|dc.description.abstract||Flow (peak performance) and mindfulness (nonjudgemental present-moment awareness) appear to be conceptually closely related to one another (e.g., Gardner & Moore, 2004). Theoretically, self-talk can be reasoned to play a key role in influencing the afore mentioned constructs. The interconnectivity of these three key variables of interest is illustrated and explained in a proposed overarching theoretical framework.
Therefore, the main purpose of the current correlational study was to explore the relationships between flow, mindfulness, and self-talk, at the dispositional level. 212 international participants with experience in competitive sports completed an on-line questionnaire comprising the Dispositional Flow Scale 2 (DFS-2; Jackson & Eklund, 2004), the Five Facet Mindfulness Questionnaire (FFMQ; Baer et al., 2006), and the Automatic Self-Talk Questionnaire for Sports (ASTQS; Zourbanos et al., 2009).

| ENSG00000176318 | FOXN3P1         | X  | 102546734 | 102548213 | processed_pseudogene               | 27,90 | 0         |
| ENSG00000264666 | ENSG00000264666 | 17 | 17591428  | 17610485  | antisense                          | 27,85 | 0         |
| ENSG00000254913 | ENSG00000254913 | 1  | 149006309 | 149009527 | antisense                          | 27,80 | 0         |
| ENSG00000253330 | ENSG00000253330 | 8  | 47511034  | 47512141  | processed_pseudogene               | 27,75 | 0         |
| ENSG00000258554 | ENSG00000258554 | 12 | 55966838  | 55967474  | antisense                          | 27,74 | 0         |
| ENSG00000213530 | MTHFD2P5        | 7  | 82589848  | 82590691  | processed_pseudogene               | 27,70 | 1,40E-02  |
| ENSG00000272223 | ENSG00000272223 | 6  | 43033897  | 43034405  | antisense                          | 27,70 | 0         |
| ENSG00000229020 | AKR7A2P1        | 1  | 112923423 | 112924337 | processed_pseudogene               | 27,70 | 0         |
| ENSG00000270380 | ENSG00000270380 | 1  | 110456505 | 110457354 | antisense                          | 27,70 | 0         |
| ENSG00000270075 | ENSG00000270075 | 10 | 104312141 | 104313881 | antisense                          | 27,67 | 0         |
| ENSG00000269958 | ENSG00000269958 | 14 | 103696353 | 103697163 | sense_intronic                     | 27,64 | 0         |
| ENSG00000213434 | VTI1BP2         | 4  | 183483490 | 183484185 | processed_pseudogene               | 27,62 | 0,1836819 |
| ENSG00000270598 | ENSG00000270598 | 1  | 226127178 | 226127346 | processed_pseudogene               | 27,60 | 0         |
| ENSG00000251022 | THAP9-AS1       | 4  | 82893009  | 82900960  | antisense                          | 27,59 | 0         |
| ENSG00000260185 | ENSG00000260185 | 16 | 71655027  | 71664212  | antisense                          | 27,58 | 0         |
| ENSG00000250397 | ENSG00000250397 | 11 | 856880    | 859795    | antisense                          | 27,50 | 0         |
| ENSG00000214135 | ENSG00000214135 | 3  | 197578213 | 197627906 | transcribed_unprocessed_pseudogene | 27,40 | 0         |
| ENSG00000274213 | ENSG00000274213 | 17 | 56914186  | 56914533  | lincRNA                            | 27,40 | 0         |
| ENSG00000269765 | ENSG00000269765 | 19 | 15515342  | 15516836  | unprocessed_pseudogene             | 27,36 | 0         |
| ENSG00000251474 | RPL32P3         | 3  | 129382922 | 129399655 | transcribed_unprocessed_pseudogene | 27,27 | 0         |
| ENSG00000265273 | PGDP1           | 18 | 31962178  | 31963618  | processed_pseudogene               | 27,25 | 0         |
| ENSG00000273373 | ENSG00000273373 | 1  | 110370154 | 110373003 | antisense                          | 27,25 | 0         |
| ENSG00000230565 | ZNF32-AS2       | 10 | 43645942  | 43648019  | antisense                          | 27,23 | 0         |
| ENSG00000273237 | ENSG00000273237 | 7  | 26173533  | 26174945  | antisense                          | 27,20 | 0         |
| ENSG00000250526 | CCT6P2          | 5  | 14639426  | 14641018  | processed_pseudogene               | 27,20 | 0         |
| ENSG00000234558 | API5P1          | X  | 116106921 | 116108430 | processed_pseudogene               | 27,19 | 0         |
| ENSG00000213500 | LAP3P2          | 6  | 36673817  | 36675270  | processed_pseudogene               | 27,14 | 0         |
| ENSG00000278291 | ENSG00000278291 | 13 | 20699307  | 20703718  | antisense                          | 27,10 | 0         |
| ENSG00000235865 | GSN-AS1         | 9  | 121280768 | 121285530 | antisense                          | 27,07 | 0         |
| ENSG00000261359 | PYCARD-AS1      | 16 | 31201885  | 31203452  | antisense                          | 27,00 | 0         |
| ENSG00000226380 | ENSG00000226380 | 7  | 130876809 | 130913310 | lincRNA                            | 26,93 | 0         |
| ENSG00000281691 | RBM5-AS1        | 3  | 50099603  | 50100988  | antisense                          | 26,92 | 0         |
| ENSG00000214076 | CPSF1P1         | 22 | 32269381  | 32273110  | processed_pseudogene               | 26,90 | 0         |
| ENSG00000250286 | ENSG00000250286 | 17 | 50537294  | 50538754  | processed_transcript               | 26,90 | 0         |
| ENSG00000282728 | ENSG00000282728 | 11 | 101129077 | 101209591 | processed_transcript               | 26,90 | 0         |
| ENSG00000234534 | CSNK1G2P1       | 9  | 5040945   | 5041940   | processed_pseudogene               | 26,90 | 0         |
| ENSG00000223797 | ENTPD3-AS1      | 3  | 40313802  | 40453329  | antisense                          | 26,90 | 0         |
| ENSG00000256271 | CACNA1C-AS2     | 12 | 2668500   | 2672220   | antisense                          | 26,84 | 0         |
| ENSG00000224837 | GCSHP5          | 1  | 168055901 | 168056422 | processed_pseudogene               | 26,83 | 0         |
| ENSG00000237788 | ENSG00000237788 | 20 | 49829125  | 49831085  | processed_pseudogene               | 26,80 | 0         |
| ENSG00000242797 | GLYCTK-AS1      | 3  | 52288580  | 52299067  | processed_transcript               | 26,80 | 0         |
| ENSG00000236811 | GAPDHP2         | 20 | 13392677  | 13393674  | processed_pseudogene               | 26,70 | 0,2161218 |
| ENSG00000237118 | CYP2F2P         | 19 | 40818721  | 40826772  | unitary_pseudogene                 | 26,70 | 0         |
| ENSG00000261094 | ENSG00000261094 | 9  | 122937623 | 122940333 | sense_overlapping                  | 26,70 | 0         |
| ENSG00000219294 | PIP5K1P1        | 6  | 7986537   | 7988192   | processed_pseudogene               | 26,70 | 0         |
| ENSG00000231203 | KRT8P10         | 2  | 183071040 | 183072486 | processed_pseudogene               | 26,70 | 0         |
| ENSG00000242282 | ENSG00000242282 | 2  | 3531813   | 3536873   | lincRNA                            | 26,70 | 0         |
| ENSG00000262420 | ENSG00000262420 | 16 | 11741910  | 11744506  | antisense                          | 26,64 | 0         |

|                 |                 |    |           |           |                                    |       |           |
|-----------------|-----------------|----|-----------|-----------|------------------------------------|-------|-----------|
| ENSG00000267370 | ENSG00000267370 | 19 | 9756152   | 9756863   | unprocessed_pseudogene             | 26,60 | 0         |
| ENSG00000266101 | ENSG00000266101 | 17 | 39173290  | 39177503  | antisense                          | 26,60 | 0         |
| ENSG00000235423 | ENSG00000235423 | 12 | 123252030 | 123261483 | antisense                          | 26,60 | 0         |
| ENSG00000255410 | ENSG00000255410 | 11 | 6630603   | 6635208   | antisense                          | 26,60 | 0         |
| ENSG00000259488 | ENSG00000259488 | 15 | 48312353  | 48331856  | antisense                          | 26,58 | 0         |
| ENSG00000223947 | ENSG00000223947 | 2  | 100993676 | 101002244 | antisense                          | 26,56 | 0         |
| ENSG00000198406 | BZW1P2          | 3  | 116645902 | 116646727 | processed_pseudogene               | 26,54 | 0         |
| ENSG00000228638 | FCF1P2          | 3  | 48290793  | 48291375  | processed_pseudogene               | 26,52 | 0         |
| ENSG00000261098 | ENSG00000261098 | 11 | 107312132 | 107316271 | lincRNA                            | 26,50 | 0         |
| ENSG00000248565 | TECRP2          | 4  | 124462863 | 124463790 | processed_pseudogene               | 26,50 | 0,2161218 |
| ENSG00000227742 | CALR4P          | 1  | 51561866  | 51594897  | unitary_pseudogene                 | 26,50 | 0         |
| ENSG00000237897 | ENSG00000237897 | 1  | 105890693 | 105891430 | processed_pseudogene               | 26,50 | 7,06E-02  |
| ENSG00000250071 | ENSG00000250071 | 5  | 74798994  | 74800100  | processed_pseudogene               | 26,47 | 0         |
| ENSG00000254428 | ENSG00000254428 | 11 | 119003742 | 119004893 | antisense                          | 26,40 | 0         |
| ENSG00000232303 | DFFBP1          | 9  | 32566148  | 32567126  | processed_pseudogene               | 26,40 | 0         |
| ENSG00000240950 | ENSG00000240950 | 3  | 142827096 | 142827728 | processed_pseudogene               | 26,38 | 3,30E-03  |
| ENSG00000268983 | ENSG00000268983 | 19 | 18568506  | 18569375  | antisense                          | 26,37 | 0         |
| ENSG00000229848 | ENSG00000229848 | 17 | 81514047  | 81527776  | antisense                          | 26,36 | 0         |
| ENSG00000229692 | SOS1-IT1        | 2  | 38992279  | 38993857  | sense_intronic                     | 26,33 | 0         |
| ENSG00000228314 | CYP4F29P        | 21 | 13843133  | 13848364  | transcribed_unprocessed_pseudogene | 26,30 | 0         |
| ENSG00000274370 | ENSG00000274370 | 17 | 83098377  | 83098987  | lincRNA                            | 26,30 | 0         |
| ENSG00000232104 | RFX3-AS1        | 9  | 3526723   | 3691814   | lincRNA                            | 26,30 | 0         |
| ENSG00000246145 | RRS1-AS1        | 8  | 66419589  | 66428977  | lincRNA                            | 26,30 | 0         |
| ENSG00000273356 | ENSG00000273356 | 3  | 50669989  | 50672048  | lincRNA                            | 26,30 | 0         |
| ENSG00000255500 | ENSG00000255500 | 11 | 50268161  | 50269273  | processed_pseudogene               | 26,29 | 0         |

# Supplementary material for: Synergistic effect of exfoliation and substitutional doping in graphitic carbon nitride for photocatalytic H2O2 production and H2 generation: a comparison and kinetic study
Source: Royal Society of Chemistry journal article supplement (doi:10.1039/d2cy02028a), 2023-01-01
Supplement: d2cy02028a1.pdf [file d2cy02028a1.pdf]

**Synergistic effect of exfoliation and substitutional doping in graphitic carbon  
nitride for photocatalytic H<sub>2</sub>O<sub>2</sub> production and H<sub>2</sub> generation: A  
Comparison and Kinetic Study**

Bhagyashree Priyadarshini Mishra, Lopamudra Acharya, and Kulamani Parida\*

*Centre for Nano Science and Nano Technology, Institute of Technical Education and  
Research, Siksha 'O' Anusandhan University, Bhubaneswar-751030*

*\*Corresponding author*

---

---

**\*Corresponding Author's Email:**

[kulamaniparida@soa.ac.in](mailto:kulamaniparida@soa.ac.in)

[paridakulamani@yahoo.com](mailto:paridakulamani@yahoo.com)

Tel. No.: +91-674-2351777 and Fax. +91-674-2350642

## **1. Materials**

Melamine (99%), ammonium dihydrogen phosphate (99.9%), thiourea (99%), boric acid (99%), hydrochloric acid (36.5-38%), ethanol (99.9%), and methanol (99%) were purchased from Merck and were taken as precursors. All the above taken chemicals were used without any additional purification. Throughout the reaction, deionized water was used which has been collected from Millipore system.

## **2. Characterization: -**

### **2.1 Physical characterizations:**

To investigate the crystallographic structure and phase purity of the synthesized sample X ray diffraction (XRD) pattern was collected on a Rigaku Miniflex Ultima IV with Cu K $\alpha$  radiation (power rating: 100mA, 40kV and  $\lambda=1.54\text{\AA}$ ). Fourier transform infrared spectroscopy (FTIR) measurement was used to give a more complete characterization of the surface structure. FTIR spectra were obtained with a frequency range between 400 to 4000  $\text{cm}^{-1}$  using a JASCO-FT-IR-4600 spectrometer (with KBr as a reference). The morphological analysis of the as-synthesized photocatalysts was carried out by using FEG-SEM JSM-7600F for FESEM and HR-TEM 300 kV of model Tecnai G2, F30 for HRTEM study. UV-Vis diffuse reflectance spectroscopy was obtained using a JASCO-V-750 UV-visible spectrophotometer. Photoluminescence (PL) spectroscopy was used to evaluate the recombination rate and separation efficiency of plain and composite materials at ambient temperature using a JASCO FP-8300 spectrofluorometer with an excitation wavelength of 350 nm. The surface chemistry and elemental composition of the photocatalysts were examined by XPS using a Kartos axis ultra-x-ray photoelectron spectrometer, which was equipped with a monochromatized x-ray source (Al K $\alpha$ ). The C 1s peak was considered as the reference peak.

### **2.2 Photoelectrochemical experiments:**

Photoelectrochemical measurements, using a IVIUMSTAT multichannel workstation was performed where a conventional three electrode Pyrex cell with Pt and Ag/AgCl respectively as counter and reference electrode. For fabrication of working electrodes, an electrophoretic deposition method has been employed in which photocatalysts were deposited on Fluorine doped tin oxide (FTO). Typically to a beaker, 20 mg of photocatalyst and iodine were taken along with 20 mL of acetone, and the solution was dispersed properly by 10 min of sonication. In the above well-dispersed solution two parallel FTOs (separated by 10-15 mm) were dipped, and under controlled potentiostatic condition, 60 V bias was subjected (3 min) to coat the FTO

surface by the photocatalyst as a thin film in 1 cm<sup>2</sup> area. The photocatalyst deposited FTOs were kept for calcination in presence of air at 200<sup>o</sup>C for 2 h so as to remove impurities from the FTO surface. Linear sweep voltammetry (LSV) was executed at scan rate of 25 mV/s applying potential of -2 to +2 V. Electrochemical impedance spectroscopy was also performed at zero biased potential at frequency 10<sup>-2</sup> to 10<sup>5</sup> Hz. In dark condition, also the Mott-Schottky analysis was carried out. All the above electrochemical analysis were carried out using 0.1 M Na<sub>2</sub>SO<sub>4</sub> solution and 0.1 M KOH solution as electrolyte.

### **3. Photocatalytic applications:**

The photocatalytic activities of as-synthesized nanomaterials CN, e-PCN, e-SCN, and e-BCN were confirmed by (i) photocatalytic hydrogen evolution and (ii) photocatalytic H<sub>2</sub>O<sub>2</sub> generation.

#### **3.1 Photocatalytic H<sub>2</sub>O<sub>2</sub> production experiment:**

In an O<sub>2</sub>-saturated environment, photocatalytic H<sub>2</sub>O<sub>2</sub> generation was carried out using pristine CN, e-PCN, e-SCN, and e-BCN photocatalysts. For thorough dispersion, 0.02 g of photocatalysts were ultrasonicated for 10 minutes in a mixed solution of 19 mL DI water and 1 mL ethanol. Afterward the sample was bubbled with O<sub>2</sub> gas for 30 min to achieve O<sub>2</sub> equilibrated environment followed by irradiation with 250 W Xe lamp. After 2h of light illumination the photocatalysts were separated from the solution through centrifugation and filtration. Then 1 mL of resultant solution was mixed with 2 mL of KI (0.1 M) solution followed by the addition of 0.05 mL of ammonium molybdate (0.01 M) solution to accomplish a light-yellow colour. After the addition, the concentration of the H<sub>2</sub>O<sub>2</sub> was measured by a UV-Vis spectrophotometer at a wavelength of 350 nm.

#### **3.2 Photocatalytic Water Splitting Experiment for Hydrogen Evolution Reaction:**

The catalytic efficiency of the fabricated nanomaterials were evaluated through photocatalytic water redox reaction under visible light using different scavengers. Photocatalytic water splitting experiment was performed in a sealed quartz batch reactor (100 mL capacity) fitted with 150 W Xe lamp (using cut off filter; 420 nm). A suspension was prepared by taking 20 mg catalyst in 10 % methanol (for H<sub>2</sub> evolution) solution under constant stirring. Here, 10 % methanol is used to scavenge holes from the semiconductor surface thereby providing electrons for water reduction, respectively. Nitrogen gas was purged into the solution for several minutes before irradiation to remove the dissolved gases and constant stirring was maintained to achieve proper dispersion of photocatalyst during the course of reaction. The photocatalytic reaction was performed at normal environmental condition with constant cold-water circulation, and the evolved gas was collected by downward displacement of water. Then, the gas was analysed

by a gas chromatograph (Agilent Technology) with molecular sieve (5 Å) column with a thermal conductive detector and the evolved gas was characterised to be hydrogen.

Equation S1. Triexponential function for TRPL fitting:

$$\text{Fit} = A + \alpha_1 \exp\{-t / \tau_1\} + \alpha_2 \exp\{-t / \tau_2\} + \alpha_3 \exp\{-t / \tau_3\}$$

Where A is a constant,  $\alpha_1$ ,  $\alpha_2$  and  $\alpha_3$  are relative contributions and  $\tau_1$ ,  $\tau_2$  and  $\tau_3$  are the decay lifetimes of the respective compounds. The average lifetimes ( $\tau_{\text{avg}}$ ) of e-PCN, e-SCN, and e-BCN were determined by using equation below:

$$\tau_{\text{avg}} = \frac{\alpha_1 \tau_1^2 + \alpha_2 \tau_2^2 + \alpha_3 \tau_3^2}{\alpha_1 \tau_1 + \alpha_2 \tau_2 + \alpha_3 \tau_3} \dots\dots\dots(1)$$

Results confirmed the moderate, positive connection between flow and mindfulness (r = .44). Moreover, linear regression analysis indicated that mindfulness appeared to significantly predict flow (F = 50.395 [1, 211], p < .001). Furthermore, negative- and positive self-talk correlated moderately with both flow (r = -.52 and r = .59, respectively) and mindfulness (r = -.45 and r = .23, respectively). Additionally, self-talk (negative and positive combined) significantly predicted flow and mindfulness, accounting for 51% and 22% of the variance, respectively.
Investigating potential gender differences in terms of dispositional flow, mindfulness, and self-talk, was a secondary aim of the present study. Significant gender differences were found for every variable of interest; in this sample, men appeared to demonstrate higher levels of flow, mindfulness, and positive self-talk, and lower levels of negative self-talk, in comparison to women.
In sum, the examined triangle of concepts appeared to be considerably interconnected, illustrated by moderate to strong correlations and significant predictions. The findings of the present study suggest that these novel avenues of research merit further, closer attention in future studies; especially, making use of experimental designs (intervention-based), more homogenous groups, and deeper analysis of sub-scales.
Lastly, future research could benefit greatly from looking into the potential mediating influence mindfulness has on self-talk, and consequently how these two concepts affect athletic peak performance, flow.||en